Deleuze and the IDF
One of the micro-topics I have increasingly become interested in as I study philosophy is the nature in which some philosophical positions or movements are complicit with capitalism (particularly, those that are strictly anti-capitalist themselves). I have mused on this insight elsewhere (here and here and here). Today I came across an interesting point raised by Žižek that discloses a strong parallel between Deleuze and the Israeli Defense Force. Although the extensive passage quoted at length is not capitalistic in nature per se, Žižek relates the self-revolutionizing principle inherent to capitalism here, a logic that requires resistance, the uncommon and the novel in order to perpetually defer its inherent contradiction from reaching a point of crisis.
It was recently made public that, in order to conceptualize the Israeli Defense Force’s urban warfare against thePalestinians, the IDF military academies systematically refer to Deleuze and Guattari, especially to A Thousand Plateaux, using it as ‘operational theory’ – the catchwords used are ‘Formless Rival Entities’, ‘Fractal Manoeuvre’, Velocity vs Rhythms’, ‘The Wahhabi War Machine’, “Postmodern Anarchists’, ‘Nomadic Terrorists’. One of the key distinctions they rely on is the one between ‘smooth’ and ‘striated’ space, which reflect the organizational concepts of the ‘war machine’ and the ‘state apparatus’. The IDF now often uses the term ‘to smooth out space’ when they want to refer to operation in a space as if it had no borders. Palestinian areas are thought as ‘striated’ in the sense that they are enclosed by fences, walls, ditches, road blocks, and so on:
“The attack conducted by units of the IDF on the city of Nablus in April 2002 was described by its commander, Brigadier-General Aviv Kokhavi, as ‘inverse geometry’, which he explained as ‘the reorganization of the urban syntax by a means of a series of micro-tactical actions’. During the battle soldiers moved within the city across hundreds of metres of overground tunnels carved out through a dense and contiguous urban structure. Although several thousand soldiers and Palestinian guerrillas were manoeuvring simultaneously in the city, they were so ‘saturated’ into the urban fabric that very few would have been visible from the air. Furthermore, they used none of the city’s streets, roads, alleys or courtyards, or any of the external doors, internal stairwells and windows, but moved horizontally through walls and vertically through holes blasted in ceilings and floors. This form of movement, described by the military as ‘infestation’, seeks to redefine inside as outside, and domestic interiors as thoroughfares. The IDF’s strategy of ‘walking through walls’ involves a conception of the city as not just the site but also the very medium of warfare: ‘a flexible, almost liquid medium that is forever contingent and in flux’.”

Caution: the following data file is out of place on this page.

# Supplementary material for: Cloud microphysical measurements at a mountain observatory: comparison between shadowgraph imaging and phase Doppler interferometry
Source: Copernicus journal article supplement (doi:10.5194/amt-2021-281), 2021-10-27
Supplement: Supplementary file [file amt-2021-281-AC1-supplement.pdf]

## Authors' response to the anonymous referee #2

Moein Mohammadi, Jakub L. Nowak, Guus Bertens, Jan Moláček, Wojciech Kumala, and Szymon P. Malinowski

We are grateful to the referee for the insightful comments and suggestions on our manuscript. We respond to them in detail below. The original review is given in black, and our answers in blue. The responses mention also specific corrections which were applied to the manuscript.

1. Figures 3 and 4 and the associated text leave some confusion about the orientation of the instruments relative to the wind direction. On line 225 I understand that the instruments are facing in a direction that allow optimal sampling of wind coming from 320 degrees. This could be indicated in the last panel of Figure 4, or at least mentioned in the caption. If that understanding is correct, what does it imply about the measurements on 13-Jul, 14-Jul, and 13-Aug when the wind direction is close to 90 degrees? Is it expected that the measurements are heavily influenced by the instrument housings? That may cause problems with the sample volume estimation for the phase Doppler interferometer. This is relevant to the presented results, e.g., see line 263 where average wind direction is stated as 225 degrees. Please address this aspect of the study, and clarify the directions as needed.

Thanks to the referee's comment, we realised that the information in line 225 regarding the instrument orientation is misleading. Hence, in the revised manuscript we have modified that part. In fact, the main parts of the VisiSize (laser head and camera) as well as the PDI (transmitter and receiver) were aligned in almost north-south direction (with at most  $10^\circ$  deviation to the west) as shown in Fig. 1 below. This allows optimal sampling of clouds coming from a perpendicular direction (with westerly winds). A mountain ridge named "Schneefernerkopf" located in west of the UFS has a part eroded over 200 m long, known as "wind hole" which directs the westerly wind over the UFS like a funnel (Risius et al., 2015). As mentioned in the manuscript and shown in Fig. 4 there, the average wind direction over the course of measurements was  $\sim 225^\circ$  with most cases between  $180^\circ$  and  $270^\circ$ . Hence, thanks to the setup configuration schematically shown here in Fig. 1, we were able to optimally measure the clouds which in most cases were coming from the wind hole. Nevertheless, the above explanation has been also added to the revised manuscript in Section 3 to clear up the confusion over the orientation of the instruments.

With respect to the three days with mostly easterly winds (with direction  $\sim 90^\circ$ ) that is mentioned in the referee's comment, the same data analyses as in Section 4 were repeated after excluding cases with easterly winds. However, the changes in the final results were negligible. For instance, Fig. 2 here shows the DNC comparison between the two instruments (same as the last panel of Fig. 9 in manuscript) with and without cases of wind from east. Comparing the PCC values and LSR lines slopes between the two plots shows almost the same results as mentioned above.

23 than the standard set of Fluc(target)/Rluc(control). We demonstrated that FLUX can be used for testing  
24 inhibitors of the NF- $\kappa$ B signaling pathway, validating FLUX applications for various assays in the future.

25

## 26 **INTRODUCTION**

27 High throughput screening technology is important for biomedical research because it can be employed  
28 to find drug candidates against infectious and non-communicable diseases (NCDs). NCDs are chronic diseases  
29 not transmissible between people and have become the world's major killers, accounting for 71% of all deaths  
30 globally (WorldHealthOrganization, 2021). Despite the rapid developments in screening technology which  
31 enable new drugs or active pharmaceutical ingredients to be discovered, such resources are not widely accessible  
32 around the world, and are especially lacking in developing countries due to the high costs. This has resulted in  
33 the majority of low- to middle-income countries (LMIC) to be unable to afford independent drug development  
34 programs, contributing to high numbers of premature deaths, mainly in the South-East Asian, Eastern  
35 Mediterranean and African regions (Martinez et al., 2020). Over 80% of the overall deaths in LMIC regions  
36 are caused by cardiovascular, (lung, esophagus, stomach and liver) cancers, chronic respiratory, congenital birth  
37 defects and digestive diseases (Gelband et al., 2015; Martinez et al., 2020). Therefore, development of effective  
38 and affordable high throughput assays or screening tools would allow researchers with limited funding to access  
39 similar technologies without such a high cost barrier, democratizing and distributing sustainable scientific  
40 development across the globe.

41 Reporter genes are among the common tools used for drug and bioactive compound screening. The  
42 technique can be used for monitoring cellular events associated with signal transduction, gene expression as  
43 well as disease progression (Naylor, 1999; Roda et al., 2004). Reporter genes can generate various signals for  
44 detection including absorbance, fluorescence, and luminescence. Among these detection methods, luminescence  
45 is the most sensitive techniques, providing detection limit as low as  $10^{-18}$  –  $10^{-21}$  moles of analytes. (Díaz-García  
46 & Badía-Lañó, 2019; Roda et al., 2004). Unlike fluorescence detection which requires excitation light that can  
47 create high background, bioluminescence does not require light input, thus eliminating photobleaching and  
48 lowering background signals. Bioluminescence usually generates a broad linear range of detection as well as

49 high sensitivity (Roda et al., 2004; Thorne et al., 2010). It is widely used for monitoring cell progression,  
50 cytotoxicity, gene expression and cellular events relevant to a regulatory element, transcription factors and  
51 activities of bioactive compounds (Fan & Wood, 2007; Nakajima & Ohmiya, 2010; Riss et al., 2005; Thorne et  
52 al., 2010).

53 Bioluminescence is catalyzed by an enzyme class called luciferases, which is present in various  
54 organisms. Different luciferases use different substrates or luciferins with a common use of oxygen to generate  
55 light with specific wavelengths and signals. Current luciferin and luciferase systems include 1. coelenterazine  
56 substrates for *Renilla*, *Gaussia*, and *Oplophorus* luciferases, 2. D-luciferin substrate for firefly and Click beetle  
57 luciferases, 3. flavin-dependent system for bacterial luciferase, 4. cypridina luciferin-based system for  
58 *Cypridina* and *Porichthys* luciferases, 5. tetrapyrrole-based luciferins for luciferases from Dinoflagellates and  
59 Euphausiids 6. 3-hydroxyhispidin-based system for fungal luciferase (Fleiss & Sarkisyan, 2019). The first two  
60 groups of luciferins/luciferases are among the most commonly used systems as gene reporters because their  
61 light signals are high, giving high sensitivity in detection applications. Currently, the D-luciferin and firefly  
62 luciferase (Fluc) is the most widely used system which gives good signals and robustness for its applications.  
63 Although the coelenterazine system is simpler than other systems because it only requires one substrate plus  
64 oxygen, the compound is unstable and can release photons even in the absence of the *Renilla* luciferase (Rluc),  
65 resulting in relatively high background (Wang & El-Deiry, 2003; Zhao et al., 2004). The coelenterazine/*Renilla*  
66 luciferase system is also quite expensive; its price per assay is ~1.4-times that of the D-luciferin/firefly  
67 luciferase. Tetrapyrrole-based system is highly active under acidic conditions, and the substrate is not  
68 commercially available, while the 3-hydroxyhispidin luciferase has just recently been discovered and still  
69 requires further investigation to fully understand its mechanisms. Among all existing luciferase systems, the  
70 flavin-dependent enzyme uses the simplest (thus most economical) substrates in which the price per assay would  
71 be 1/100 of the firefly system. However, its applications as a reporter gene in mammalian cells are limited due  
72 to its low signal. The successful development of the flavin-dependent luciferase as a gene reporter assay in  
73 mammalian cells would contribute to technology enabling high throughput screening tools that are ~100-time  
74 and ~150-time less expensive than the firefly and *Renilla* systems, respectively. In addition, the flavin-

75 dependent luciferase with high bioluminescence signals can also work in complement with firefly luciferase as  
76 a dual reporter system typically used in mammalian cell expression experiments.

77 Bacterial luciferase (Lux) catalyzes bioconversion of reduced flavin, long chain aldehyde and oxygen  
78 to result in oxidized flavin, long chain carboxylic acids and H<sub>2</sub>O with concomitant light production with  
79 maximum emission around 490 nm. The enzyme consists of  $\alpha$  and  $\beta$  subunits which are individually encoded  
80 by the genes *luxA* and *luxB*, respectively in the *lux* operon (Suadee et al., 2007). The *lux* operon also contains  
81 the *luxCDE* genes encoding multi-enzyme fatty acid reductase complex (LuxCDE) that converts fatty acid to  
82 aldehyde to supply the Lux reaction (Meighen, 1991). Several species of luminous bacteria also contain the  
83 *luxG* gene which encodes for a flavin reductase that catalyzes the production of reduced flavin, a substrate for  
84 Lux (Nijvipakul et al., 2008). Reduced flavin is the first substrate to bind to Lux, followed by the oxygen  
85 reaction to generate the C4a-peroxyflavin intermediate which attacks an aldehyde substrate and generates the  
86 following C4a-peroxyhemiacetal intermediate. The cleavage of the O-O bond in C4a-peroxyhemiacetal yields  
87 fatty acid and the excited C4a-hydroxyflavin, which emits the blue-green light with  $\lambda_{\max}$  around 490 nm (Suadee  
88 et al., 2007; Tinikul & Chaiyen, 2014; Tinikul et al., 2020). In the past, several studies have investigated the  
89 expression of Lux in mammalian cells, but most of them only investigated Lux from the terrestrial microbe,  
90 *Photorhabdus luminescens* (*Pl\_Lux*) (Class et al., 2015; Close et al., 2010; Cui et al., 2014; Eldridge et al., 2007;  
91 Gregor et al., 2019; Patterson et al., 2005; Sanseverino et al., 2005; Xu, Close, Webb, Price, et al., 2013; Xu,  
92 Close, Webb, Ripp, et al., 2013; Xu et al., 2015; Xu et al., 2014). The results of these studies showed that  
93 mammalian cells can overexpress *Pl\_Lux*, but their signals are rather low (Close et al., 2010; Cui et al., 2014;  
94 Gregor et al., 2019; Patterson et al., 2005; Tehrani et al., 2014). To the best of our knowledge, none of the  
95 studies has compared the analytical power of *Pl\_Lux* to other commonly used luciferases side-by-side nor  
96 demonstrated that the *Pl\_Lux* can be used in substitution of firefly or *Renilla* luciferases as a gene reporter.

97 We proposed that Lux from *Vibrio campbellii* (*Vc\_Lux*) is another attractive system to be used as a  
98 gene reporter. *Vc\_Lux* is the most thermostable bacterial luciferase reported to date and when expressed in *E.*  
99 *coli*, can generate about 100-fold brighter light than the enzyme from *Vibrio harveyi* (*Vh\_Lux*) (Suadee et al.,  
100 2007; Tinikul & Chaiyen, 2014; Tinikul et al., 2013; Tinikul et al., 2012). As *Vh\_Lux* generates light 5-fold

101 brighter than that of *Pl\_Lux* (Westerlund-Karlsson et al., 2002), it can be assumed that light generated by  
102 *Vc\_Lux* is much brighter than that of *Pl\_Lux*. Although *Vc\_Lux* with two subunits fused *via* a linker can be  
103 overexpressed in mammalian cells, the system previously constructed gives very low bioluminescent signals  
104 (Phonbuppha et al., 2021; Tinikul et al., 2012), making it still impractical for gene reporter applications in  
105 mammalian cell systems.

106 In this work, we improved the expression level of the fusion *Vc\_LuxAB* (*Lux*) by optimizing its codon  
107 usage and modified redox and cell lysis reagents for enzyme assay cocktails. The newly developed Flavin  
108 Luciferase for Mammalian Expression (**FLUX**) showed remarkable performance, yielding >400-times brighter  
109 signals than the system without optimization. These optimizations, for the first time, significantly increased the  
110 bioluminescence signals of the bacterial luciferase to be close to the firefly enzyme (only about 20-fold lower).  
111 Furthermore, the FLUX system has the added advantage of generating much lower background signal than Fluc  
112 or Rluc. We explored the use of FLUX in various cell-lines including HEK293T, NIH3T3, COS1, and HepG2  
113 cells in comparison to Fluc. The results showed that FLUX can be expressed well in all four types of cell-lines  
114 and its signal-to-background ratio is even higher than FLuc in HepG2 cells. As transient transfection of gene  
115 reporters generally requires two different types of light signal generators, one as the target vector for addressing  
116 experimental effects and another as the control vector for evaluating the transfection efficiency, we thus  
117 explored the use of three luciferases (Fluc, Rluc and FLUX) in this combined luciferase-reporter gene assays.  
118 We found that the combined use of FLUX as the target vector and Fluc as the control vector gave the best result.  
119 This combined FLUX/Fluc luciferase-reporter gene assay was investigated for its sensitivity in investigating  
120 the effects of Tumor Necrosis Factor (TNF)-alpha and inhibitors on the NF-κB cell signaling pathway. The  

So what follows from all this? Not, of course, the nonsensical accusation that Deleuze and Guattari were theorists of militaristic colonization – but the conclusion that the conceptual machine articulated by Deleuze and Guattari, far from being simply ‘subversive’, also fits the (military, economic and ideologico-political) operational mode of contemporary capitalism. How, then, are we to revolutionize an order whose very principle is constant self-revolutionizing? [Slavoj Žižek Presents Mao: On Practice and Contradiction, pp. 26-27]
In what follows we are presented with a typical formulation of Žižek’s style, to raise an articulate and profound problem but only to answer it with a cliche quotidian response: in this case, in fewer words, be at peace with the conflict. The quoted remark is certainly disturbing, perhaps even more so for those enamored by Deleuze and his affirmative concept of difference. Although to the credit of Deleuze, I think he is well versed in the natural tendency of capitalism to axiomize – his word – the very forces that oppose it.